One’s obligation to an infant child is nonnegotiable, but that is because babies are helpless. We may doubt, however, that mitzvot would be more compelling if we think of God similarly.
The feminist theologian Judith Plaskow writes, “our legal disabilities are a symptom of a pattern . . . that lies deep in Jewish thinking.” She, Rachel Adler, and others offer deeply serious and learned rereadings of the tradition. Jane Rachel Litman summarizes the broader approach in the context of her essay on gender: “As Jews we claim the right to pursue our varied Jewish paths without coercion from the majority or claims of biological determinism; I suggest that as queer people and allies, we must do the same.”
And yet. The fast disappearing daily minyanim in non-Orthodox synagogues are primarily peopled by the more traditional congregants. The uniquely Jewish institutions of our lives—the day schools and camps and kosher restaurants—continue to diminish in non-Orthodox communities. Although there are, as evidenced in this anthology, serious and brilliant contemporary liberal Jewish thinkers, the number of serious liberal Jews is shrinking. While literalism is intellectually untenable and liberalism is numerically imperiled, many Jews find that what they believe cannot be transmitted, and what can be effectively transmitted they cannot believe.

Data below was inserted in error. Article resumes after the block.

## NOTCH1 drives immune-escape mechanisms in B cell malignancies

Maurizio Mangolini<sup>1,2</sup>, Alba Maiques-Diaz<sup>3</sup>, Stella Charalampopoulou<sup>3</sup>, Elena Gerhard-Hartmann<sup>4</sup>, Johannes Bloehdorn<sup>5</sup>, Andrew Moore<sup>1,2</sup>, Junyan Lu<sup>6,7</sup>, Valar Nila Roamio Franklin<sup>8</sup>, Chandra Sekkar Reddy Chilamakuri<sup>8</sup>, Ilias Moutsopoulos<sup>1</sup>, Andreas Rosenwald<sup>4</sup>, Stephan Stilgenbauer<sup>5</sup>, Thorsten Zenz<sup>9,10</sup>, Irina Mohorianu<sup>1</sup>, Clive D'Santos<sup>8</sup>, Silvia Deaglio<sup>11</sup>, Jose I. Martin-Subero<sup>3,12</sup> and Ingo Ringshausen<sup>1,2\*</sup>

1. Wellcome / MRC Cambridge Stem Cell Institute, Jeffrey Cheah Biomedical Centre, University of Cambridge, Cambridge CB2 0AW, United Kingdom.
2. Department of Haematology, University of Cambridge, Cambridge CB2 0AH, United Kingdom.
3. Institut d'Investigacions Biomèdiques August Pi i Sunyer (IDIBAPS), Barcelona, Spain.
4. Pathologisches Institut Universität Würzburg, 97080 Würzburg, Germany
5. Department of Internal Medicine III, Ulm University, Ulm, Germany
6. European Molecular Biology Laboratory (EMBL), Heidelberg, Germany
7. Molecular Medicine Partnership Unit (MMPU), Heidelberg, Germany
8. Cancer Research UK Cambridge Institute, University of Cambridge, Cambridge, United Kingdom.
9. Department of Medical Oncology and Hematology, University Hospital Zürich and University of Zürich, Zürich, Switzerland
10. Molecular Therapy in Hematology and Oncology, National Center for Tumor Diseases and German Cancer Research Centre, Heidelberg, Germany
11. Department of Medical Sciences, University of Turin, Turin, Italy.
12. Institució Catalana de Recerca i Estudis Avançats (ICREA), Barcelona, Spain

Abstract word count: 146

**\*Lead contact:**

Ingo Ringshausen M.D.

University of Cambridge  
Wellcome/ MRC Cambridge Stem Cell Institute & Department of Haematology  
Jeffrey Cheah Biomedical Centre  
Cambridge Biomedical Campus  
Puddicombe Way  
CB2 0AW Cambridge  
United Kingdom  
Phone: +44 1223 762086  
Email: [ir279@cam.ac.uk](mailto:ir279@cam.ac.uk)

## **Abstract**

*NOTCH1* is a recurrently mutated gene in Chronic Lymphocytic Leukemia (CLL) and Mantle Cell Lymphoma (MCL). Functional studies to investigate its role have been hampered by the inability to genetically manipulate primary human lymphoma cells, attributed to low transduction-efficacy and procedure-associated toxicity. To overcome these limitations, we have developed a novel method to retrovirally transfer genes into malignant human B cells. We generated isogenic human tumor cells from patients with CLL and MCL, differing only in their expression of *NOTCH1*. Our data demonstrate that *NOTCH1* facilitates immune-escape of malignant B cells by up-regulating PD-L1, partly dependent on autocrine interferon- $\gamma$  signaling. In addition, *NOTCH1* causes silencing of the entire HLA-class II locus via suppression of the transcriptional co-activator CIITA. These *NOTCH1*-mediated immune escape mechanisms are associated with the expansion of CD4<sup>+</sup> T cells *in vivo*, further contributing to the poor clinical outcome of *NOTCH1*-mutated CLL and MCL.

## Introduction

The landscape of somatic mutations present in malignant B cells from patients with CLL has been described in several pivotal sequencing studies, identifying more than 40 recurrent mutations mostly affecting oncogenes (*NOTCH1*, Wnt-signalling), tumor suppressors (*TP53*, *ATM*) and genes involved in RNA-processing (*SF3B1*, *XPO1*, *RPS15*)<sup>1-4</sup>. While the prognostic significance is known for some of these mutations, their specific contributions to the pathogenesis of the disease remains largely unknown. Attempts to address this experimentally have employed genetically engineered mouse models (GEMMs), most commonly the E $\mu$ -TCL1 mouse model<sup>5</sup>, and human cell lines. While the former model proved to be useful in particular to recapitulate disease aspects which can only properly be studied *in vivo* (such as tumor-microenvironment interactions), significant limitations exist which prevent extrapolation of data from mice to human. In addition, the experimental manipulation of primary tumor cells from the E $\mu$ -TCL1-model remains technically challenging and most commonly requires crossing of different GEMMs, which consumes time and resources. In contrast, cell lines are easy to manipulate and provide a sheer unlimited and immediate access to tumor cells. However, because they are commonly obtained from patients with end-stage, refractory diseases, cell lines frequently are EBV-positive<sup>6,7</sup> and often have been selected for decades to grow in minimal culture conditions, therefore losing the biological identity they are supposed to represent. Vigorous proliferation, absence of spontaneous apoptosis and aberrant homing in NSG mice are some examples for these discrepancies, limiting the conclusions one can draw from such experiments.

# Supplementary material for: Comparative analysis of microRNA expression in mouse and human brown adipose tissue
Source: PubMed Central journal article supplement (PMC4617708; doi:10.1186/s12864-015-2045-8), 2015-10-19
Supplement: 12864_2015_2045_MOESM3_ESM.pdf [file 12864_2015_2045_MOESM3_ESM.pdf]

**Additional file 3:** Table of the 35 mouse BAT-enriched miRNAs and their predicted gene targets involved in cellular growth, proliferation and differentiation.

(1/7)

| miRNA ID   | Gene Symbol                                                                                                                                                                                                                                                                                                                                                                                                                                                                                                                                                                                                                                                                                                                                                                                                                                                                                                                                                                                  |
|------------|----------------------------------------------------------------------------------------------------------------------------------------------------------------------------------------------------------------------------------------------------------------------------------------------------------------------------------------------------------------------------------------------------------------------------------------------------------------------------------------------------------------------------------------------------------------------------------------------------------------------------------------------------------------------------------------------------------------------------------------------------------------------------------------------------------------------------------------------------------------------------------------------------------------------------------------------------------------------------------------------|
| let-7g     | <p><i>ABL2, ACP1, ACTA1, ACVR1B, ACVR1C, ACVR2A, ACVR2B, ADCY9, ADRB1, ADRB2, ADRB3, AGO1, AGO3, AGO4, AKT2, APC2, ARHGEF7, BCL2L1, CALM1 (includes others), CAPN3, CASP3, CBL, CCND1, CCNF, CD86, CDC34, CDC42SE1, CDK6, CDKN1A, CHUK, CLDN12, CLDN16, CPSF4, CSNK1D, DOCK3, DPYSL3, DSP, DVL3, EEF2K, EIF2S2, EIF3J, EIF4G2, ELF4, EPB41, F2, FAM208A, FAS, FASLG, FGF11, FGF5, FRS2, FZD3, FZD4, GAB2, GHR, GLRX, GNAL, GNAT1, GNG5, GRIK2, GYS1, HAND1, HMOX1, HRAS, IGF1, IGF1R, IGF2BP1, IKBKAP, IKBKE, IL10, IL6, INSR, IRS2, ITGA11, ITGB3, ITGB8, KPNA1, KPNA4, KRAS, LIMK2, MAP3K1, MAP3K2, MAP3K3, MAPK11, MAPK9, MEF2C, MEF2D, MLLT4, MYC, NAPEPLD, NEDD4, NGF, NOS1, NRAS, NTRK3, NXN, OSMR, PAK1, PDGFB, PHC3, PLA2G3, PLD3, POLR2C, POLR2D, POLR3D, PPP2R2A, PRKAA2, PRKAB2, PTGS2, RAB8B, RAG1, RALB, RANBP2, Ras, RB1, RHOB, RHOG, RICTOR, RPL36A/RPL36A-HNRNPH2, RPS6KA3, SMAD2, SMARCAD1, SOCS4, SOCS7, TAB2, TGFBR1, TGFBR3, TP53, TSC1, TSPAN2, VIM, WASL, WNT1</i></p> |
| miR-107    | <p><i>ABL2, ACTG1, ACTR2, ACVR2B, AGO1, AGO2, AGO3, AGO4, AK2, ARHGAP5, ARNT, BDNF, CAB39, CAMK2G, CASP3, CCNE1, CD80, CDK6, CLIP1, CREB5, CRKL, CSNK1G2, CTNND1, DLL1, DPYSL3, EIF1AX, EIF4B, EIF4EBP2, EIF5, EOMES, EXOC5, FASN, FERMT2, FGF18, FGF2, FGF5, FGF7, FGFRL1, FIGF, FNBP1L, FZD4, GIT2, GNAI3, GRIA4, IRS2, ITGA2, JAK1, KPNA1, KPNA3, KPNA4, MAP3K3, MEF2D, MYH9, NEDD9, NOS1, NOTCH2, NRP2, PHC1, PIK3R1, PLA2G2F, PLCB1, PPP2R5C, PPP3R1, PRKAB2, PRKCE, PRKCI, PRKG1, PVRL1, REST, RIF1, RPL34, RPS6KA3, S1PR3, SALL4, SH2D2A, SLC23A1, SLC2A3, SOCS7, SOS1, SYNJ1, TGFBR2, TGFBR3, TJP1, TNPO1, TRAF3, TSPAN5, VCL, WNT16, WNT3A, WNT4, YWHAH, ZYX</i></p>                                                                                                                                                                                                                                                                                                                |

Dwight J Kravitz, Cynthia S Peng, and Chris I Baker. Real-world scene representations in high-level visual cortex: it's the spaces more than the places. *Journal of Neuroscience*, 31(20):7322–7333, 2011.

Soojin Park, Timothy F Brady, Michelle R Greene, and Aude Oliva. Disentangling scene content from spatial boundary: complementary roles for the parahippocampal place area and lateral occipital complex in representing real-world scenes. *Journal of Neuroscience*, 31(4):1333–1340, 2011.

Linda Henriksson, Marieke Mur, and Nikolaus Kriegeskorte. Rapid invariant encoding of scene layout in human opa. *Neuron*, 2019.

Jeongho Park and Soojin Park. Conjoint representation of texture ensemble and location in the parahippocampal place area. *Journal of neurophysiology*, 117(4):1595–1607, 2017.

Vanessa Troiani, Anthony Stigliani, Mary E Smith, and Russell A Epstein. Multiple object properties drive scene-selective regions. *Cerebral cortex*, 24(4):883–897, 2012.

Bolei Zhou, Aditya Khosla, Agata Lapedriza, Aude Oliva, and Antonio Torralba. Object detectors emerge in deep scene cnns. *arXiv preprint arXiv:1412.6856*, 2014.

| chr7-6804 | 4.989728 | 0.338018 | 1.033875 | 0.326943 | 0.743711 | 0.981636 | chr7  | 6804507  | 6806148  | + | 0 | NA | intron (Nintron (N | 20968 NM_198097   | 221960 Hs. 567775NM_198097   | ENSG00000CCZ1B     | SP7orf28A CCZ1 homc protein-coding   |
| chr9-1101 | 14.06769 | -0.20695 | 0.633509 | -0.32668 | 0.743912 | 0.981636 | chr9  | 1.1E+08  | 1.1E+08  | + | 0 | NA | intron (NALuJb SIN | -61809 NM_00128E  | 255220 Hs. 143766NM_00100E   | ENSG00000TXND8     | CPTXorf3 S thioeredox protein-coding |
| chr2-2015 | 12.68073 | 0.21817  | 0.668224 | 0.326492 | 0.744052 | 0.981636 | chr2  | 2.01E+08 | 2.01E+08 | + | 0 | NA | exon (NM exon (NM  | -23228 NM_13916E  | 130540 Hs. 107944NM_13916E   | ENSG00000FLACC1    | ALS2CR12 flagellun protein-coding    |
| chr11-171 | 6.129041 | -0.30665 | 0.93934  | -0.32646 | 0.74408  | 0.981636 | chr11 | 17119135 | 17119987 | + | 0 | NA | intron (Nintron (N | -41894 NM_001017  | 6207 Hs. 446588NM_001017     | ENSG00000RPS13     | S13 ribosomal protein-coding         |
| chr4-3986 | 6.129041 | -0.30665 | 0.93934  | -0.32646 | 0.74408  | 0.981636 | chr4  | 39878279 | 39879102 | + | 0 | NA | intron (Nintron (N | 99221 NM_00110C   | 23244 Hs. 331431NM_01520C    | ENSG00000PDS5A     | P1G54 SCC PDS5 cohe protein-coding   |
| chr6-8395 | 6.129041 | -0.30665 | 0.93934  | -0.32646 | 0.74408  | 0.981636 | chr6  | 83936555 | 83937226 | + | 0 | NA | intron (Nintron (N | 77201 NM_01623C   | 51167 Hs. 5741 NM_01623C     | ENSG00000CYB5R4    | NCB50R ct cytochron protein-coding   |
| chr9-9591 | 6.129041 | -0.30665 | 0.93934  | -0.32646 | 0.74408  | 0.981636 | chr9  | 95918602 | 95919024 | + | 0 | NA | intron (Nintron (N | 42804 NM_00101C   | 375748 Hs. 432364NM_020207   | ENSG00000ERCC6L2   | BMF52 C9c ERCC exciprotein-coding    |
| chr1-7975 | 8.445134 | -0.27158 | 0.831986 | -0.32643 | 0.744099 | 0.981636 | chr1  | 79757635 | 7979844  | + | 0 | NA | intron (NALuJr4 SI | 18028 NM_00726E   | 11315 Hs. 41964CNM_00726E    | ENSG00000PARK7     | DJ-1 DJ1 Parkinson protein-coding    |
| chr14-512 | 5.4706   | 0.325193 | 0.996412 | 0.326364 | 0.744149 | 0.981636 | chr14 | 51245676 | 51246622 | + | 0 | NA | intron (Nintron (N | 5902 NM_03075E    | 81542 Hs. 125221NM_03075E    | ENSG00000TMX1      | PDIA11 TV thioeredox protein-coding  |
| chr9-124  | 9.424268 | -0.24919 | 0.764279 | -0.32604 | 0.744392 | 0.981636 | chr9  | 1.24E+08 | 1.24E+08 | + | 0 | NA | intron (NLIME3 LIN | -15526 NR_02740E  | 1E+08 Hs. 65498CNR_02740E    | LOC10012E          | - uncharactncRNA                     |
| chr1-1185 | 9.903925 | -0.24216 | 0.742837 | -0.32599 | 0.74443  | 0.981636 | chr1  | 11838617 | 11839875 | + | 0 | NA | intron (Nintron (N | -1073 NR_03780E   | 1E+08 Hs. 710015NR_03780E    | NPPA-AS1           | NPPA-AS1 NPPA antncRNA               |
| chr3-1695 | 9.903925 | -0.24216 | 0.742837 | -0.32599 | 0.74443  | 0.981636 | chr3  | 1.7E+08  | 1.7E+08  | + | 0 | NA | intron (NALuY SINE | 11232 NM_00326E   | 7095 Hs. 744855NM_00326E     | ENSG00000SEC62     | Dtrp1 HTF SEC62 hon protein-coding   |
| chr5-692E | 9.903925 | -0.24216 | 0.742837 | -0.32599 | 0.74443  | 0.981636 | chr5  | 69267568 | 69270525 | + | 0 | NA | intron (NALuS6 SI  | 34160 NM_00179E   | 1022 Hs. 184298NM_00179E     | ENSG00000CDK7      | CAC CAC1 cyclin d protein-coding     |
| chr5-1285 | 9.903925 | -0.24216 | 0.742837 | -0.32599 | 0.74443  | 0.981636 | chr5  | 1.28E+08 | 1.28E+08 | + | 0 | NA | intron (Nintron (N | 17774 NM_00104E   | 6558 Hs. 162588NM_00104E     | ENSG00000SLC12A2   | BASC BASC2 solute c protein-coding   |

The creativity, range, and interest of the excerpts in this anthology are impressive. The introductions are crisp and clear. But the entire enterprise teeters—if it even is a single enterprise. Perhaps there is some promise in the fragmentation, however. “‘Like a hammer that breaks the rock in pieces’ (Jer. 23:29), so also may one biblical verse convey many teachings” (Sanhedrin 34a). When large systems of thought collapse, the ground is fertilized with their fragments. As the Kabbalah scholar Daniel Matt writes in another tantalizing selection, “Some of what we know from the Written Torah will need revision. Guidelines are not absolute. They change in the light of other wisdom, other renderings of the alef.” That first letter of revelation is silent, and in our cacophonous world, there are innumerable choruses to fill it in, each holding fast to a different letter or verse. Marmur and Ellenson’s excellent volume does not provide definitive answers for 21st-century American Judaism, but here are some of the voices we need to help fill those silences, some of the fragments out of which a new Judaism may be built.